'If 'route' has the same meaning as 'highway' in the Ordinance this argument must prevail, since admittedly an omnibus running on the highway from Panadura to Badullah will pass over the whole of the highway between Colombo and Ratnapura, but in their Lordships' opinion it is impossible to say that 'route' and 'highway' in the two Ordinances are synonymous terms. In both Ordinances, particularly in Section 54 of the original Ordinance and Section 7 of the Amending Ordinance, the two words are used, and certainly not interchangeably. A 'highway' is the physical track along which an omnibus runs, whilst a 'route' appears to their Lordships to be an abstract conception of a line or travel between one terminus and another and to be something distinct from the highway traversed.'
61. From the foregoing it will be clear that the legislature has carried out a clear, defined and well-indicated policy throughout the entire scheme of the Act making no distinction between one vehicle and another in conferring jurisdiction on the Transport authority to vary the same. This view will become clearer still, if what I observed in the opening of the judgment is borne in mind viz., the legal conception of the system is 'a system of licensing'.
62. It is in this background that the importance of the provision in the concluding provision of Section 57 (8), that the application for a variation of the route shall be treated as an application for the grant of a new permit becomes quite apparent. The right of an operator who is running the bus in the route A B to ply the bus in the route ABC cannot be denied under Article 19 of the Constitution if he makes a fresh application for that purpose, and if he satisfies the authorities concerned about his qualification and of the needs of the travelling public. In the instant case itself it cannot be denied that the operator is entitled to make an application for the issue of a new permit for the route, Madras-Kancheepuram-Nemili. That is one way of securing the requisite licence under the statute. But because the applicant is already operating his bus service in the route A B the legislature expressly provides that in relation to stage carriages there is no need for the operator to make a fresh application, but that his application shall 'be treated' as an application for the grant of a new permit.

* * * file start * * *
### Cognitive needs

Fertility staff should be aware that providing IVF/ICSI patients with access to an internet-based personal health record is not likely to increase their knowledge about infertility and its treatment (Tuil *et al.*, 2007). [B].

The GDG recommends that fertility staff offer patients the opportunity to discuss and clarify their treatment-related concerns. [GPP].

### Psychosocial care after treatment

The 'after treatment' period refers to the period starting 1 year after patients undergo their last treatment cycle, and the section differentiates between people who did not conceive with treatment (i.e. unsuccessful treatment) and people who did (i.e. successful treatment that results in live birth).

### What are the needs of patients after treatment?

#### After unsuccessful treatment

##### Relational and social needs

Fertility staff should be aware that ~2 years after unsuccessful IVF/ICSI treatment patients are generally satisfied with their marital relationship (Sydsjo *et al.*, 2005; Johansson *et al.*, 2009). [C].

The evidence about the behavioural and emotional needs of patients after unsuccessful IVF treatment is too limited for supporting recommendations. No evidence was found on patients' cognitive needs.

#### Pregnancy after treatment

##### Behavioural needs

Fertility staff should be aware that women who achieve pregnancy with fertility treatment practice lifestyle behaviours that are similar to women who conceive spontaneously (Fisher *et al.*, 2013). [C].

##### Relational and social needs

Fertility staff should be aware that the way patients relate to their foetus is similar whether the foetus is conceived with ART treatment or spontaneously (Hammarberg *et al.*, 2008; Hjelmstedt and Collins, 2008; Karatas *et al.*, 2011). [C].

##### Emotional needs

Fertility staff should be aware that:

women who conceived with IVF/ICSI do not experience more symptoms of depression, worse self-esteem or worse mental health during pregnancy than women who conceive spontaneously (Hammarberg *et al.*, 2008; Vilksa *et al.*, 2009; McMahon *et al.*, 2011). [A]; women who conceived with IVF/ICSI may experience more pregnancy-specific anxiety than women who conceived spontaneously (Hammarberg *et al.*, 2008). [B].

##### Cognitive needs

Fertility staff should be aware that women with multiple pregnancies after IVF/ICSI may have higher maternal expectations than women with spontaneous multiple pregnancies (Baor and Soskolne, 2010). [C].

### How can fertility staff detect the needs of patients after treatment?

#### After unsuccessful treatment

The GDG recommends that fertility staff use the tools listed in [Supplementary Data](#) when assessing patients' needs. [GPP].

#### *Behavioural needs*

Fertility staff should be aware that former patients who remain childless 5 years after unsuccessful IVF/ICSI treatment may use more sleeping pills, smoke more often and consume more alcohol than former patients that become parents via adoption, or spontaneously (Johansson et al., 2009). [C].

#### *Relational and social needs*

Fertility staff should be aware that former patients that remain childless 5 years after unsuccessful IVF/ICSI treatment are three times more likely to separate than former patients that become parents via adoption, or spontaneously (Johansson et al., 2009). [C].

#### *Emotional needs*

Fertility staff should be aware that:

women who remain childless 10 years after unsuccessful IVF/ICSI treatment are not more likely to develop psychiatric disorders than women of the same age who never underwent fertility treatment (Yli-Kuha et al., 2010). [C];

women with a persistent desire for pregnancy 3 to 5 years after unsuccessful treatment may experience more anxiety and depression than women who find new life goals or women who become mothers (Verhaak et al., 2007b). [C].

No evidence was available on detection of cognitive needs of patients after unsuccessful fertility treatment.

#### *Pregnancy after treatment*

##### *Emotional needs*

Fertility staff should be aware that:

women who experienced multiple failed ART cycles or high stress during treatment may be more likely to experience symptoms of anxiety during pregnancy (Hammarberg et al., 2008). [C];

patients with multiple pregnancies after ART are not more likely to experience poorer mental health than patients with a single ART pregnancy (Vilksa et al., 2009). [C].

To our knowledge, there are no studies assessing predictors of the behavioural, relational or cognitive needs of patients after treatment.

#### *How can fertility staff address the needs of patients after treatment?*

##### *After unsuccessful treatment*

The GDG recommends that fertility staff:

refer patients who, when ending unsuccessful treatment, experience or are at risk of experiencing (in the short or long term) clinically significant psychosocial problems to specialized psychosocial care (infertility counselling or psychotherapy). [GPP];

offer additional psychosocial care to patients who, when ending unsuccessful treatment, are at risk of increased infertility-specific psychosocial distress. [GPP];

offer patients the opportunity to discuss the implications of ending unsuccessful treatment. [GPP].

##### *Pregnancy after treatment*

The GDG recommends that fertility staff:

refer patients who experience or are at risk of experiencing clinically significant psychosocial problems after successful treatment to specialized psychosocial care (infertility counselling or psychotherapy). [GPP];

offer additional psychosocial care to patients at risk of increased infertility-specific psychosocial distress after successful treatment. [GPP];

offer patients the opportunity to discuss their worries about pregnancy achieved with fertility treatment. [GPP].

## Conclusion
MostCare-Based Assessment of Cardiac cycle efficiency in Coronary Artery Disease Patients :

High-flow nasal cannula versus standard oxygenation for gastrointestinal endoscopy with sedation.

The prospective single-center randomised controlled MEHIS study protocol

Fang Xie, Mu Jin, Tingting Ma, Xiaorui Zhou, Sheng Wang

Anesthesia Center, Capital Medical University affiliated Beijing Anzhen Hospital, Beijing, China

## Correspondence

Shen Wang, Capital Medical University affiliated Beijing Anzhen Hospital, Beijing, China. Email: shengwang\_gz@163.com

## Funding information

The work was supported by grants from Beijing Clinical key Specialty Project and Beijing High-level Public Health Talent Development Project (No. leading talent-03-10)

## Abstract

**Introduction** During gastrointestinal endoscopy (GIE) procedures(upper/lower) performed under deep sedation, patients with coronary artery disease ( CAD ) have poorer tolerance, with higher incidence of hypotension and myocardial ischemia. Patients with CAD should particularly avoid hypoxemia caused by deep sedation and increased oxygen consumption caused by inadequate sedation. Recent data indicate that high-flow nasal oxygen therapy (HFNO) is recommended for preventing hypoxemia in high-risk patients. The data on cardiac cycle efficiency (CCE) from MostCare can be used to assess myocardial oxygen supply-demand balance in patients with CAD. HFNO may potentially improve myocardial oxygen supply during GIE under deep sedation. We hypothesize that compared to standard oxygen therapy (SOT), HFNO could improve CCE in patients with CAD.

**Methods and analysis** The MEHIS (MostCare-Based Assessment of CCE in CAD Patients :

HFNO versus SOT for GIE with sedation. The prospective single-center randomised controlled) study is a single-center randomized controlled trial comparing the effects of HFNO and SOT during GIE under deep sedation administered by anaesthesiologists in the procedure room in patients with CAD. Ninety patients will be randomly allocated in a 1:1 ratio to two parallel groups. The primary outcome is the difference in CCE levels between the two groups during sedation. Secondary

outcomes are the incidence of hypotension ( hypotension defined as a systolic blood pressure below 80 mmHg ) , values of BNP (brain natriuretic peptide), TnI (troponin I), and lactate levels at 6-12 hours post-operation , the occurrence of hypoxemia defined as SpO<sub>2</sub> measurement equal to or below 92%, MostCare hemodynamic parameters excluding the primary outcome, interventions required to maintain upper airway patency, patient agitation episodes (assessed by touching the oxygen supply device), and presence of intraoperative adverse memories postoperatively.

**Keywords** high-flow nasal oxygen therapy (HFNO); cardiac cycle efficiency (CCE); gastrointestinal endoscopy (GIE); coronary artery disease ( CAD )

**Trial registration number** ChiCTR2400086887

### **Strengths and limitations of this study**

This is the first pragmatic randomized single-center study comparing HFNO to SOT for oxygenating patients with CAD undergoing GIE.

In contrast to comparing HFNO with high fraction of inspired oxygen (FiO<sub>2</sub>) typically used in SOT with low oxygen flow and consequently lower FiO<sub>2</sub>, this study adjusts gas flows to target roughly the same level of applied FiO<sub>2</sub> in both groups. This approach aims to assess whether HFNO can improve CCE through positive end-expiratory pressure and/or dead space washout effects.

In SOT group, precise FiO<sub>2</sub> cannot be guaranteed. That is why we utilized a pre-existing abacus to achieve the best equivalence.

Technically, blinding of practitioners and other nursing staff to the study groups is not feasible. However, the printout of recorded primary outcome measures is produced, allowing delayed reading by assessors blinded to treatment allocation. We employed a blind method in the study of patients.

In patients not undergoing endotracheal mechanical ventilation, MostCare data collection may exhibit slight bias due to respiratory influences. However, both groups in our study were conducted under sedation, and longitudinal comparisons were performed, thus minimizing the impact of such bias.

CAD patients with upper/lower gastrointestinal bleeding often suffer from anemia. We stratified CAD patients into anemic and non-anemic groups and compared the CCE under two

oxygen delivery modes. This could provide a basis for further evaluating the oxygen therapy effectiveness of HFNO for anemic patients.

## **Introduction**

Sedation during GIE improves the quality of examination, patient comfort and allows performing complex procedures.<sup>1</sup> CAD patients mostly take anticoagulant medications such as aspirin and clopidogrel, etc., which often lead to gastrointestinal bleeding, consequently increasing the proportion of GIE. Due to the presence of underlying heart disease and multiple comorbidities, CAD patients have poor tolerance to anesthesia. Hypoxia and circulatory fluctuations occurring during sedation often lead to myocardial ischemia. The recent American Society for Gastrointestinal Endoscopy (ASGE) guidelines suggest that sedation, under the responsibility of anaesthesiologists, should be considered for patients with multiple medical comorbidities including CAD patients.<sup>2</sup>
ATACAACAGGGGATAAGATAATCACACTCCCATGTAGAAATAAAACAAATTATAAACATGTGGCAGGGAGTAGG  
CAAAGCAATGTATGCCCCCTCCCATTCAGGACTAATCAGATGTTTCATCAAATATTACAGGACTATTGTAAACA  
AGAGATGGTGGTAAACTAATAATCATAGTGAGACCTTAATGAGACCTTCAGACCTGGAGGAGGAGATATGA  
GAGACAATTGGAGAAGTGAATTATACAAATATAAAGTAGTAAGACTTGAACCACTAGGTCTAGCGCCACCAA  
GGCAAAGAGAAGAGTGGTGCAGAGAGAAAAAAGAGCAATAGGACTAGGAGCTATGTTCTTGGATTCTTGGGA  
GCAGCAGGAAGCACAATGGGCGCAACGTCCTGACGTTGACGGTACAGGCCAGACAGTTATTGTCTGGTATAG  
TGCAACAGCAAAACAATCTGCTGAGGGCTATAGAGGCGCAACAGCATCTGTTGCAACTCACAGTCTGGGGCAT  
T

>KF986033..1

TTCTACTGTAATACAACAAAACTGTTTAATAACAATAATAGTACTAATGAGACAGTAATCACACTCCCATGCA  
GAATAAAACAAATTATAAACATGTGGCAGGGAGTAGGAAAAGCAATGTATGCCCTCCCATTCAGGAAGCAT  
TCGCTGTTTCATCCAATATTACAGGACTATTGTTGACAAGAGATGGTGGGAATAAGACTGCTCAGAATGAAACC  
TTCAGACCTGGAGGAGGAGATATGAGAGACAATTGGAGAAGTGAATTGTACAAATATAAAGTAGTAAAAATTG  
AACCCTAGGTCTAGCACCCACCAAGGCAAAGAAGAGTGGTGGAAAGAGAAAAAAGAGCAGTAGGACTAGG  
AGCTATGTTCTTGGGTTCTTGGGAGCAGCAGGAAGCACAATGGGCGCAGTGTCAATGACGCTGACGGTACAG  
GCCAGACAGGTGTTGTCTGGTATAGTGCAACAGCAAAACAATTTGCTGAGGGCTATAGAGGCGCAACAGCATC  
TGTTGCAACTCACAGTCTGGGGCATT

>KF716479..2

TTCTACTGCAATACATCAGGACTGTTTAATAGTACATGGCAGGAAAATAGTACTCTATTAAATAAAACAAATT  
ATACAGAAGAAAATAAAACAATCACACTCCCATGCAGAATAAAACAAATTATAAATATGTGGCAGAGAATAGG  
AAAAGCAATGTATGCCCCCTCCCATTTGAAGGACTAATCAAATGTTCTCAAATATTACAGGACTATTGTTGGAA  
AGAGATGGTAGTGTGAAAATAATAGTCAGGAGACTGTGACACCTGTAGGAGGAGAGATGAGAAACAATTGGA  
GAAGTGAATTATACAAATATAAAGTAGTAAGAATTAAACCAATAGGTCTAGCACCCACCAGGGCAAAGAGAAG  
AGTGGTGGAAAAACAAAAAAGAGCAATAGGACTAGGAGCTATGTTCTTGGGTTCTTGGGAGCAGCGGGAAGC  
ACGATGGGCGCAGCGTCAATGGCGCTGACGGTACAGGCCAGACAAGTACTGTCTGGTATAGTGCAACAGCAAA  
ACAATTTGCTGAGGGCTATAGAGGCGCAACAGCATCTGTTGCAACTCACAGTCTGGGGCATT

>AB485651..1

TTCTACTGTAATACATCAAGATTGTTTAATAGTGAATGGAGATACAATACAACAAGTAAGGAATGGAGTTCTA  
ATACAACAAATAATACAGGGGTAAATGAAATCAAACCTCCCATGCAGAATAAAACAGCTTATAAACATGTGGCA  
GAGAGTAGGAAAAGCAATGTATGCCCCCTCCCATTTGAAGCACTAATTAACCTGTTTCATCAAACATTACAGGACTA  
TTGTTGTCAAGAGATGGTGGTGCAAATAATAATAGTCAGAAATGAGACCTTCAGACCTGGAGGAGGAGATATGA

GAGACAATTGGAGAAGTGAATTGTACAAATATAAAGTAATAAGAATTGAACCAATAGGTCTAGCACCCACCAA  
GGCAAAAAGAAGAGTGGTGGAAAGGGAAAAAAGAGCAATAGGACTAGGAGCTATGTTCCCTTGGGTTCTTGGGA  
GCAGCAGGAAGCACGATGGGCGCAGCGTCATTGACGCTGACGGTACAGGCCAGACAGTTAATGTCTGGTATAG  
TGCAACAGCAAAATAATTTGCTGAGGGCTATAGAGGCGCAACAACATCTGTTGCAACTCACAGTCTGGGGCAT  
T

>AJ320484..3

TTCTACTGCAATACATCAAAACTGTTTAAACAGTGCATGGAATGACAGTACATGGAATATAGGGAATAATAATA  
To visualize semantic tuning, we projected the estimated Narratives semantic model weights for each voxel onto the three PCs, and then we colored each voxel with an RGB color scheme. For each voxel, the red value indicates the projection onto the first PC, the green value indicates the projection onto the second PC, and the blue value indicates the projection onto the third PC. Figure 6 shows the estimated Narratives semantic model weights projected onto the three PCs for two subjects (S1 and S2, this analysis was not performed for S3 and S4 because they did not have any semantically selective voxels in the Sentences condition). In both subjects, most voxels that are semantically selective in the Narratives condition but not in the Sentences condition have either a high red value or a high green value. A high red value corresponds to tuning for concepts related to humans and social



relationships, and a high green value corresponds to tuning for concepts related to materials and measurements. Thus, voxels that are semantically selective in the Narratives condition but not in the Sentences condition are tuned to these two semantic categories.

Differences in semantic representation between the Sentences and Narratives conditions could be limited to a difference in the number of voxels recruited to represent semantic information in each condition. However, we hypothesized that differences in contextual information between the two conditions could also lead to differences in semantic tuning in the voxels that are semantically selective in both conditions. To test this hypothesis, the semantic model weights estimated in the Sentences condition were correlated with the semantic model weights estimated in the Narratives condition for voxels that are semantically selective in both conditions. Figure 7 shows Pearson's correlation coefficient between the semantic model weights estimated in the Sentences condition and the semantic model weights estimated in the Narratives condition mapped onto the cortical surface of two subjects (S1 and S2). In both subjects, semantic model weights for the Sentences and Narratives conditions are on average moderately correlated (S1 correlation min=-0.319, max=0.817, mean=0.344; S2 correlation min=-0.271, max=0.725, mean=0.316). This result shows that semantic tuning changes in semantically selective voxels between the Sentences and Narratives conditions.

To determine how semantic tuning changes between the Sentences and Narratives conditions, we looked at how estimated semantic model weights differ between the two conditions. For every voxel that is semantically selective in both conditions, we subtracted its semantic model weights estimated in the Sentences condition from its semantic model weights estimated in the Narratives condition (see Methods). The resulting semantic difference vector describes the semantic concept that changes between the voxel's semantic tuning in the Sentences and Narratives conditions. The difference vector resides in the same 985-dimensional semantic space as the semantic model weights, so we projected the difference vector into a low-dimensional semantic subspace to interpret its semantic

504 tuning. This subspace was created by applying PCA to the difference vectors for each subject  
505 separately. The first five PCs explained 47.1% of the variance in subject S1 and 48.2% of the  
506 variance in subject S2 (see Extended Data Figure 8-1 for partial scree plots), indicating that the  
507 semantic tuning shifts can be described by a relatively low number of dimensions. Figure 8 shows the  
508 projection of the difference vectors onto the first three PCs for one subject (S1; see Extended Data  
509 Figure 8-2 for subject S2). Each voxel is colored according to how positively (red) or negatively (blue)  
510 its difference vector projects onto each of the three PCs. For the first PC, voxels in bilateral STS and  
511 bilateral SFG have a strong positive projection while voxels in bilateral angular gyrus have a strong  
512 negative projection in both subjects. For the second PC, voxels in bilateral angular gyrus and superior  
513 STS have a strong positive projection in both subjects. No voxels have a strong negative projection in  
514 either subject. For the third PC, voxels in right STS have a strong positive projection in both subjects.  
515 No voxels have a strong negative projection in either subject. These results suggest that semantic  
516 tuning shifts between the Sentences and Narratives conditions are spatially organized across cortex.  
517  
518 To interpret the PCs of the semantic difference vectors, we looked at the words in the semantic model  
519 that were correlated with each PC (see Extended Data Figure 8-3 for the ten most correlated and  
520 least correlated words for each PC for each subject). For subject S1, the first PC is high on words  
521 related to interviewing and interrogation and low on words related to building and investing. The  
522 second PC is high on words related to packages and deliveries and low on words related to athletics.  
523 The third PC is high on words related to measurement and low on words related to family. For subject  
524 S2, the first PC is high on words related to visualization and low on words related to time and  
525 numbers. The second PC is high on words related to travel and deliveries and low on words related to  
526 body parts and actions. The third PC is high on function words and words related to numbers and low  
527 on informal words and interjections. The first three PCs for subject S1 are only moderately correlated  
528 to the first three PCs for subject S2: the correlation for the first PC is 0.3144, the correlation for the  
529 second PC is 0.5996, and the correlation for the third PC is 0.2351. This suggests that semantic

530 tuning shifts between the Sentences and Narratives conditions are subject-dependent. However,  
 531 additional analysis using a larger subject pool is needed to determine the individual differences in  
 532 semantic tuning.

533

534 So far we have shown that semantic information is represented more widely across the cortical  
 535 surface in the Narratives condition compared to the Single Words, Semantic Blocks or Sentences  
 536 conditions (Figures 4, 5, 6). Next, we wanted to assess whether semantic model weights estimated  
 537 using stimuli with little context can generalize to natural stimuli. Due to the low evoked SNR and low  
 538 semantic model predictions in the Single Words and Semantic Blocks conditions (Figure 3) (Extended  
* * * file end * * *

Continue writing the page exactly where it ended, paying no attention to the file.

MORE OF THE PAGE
The attention of learned counsel for the petitioner was drawn to the significance of this 'deeming provision' in the course of the arguments. This deeming clause, the words 'shall be treated' are used to connote, that it is not really an application for a new permit but it will only be 'deemed to be so'. Whenever the word 'as' is used in a statute it means 'as if something was, that which is it is not'. Vide Stroud's Judicial Dictionary p. 122. The inference is therefore irresistible that She legislature designedly does not regard the application for variation either factually or legally as an application for a new permit. But then, the question arises, when the operator has got an undoubted right to ask for a permit for Madras-Kancheepuram-Nemili provided he otherwise satisfies the other conditions of the statute, and when the Legislature says that such an application is not an application for a new permit, in what manner is the licence or permit to be granted to the operator? It is sheer logic that it can be only on the basis of a variation of the route. In other words, the legislature regards it only as a variation but as regards the procedure to be followed the procedure is the one relating to an application for the issue of a new permit. I am wholly unable to conceive any insuperable obstacle, legal, procedural or factual or anything cutting at the root of the scheme of the Act in recognising the right of an operator to extend or vary the route from A B to A B C if he is already having a permit to ply in the route A B, and is willing that for the rest of the unexpired portion of the permit he may be permitted to ply the bus in the extended route B C. This, of course, is subject to the paramount considerations of the interests of the travelling public in relation to the particular sector and the proposed extension.